I know it’s not the most eloquent explanation, and it definitely glosses over the finer details. But she was satisfied with the answer to that one as well. I really never knew a kid her age could be so observant of her world and so inquisitive. I love it, especially how she warns us not to bullshit her and to be sure to give her “the whole story.” Here’s hoping our approach doesn’t mess her up forever!

Comments on Sex Ed and the four-year-old

  1. So I just have to chirp in and say that I was that kid who first had the birds and the bees talk at age 13. It was so awkward, I applaud anyone who is honest with young kids. Keep it up!

  2. According to my my this sounds exactly like the conversation she and I had when I was 2.5 a few months before my sister was born. I grew up knowing I could talk to my mom about my body, sex, and she would always tell it to me straight. I hope to give my son the same gift.

  3. Once, when I was 16, I was babysitting a 3.5 year old boy and we were on the bus to the library together. He said to me “How did the baby get into mummy’s tummy” (his mother was pregnant) and I just froze. I said “I’m not sure, how about you ask your mum when she gets home from work”. Obviously I knew how the baby got in there, but I didn’t want to give too much information and the parents would be mad at me, or tell him some nonsense about storks.

  4. I know a guy who, when he was about 3 or 4, was learning about the whole thing because his mom was pregnant again, and he was asking lots of questions. But when he found out that only girls can have babies, he got REALLY upset, and they explained to him that he can find a girl and they can have a baby together, but he wanted the baby to grow in HIS tummy, and was very upset about the whole thing. Through-out his mom’s pregnancy, he walked around with stuffed animals under his shirt, and swore that someday HE would have his OWN baby. And yes, his mother told this story at his wedding last year. 🙂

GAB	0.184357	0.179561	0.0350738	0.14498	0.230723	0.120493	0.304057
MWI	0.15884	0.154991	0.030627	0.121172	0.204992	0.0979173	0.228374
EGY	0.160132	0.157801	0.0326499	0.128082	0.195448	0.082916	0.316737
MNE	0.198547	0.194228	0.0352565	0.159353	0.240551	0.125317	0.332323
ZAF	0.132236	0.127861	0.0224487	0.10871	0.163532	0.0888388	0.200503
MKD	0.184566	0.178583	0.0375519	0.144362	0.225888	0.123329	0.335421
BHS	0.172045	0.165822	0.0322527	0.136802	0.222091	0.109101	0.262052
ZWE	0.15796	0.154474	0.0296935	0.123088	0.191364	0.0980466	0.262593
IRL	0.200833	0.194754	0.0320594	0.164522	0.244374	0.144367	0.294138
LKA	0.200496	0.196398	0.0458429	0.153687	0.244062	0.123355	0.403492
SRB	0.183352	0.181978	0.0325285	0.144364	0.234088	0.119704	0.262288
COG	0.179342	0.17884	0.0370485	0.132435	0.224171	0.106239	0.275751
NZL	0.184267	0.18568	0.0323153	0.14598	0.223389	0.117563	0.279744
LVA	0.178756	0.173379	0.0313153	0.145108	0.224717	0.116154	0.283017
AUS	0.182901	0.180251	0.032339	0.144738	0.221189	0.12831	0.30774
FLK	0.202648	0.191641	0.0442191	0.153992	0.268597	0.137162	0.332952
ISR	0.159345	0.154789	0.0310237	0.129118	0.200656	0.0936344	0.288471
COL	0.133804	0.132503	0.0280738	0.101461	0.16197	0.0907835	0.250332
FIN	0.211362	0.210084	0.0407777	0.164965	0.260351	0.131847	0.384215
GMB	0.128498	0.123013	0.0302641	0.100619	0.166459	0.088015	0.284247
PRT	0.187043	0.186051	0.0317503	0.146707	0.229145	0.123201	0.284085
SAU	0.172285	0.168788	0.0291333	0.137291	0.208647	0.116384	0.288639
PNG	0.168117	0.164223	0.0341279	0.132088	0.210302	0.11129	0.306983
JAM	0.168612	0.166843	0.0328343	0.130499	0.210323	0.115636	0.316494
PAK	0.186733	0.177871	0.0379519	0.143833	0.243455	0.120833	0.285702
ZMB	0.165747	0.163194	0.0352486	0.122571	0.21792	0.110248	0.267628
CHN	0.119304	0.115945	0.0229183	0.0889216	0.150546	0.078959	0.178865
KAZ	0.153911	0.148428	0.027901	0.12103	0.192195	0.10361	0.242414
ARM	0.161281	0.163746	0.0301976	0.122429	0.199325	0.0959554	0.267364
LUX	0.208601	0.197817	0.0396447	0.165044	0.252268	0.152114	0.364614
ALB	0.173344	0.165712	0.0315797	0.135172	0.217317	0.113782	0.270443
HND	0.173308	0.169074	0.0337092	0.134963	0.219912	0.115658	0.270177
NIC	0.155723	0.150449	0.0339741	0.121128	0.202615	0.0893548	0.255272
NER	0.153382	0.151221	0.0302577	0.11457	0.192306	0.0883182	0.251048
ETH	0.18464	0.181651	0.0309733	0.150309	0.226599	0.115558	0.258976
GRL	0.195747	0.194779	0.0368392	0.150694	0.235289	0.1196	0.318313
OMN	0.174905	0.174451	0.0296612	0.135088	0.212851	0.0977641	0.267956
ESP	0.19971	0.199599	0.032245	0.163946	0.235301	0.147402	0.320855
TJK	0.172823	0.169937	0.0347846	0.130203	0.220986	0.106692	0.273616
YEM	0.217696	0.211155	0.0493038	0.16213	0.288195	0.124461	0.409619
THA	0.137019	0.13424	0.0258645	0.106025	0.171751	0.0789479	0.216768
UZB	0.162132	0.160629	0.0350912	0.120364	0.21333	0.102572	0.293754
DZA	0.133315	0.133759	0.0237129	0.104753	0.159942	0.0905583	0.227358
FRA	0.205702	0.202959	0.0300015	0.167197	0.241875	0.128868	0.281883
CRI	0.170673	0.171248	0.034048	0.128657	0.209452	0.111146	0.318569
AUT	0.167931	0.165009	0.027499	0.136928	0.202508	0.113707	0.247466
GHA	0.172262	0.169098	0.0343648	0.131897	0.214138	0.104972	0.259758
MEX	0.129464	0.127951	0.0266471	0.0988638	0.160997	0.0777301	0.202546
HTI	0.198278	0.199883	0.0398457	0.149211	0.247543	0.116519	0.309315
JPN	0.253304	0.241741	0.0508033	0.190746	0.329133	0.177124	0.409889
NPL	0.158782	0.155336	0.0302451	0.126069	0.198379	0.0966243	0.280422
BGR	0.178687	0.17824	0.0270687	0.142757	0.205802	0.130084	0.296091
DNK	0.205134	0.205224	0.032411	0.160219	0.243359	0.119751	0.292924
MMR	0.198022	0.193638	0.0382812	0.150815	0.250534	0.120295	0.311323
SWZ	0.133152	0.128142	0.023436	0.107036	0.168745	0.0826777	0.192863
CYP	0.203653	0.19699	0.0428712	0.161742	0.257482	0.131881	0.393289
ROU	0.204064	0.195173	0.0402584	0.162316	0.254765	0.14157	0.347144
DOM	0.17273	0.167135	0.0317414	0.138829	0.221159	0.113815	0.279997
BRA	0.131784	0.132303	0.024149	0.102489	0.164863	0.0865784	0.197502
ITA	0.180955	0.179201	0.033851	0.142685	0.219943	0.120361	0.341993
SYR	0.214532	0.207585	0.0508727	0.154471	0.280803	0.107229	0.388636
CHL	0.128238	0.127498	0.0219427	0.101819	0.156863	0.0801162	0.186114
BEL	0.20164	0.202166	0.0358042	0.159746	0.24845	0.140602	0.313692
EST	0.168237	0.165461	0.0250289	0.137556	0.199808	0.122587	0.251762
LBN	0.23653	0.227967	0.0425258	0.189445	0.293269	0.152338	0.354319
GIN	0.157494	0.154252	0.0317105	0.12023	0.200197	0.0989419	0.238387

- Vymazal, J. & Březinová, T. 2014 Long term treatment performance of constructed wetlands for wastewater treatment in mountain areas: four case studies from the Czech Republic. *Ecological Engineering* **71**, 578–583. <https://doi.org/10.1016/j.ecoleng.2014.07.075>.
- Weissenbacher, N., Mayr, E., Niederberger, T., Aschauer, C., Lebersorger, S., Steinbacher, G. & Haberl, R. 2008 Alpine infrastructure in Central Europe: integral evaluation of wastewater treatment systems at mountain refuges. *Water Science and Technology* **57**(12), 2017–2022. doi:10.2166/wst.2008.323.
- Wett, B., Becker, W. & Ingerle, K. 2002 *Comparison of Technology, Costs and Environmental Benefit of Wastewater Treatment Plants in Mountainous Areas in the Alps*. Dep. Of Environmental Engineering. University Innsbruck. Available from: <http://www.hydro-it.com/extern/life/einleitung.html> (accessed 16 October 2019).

5. I’ve been following the development of this book, scheduled for release in June (I think)

    It’s written by a sex educator and is intended to help explain to kids how babies are made, but they cover all types of families: straight, gay, single parent, adopted, surrogate, etc. From what I’ve read about the project so far, it’s going to be amazing.

  6. I have always been extremely grateful for my mother’s straightforward answers to these questions. By the time I was 4 years old I had asked enough questions and been given enough answers to understand that Grown Up Ladies sometimes have ‘periods’ which is a thing their bodies do automatically just like going potty because her body was getting ready for babies to grow inside her. And that if they wanted babies, they could let Grown Up Men put special seeds inside them and then a baby would grow. Just like the farmers plant seeds in the ground to grow plants. And that if no baby grew, then the period happens.

    This explaination evolved very naturally over the years. There was never “the talk.” I don’t even remember learning those things, just like I don’t remember learning that cows moo and that ducks swim. It was always just part of how the world worked, and not some secret or revelation.
    (Oddly, I remember being really upset when I learned what Time zones are at age 4. Biology was easy, but time zones put me in a foul mood.)

  7. Although I was the guinea pig being the eldest child, and didn’t get things quite so straightforward at such a young age, by my sixth sibling my mom wasn’t going to bother dancing around questions like this anymore… so one night during bathtime when my then 5yr brother began asking questions that began about his anatomy and then continued regarding why and what it was for, she told him everything… he handled the knowledge well, but at the end of it he asked, slightly alarmed, “Uh, will my wife know all this?! Will she be okay with this? Are you sure??? Can you write this down for me so I don’t forget it when I’m married?”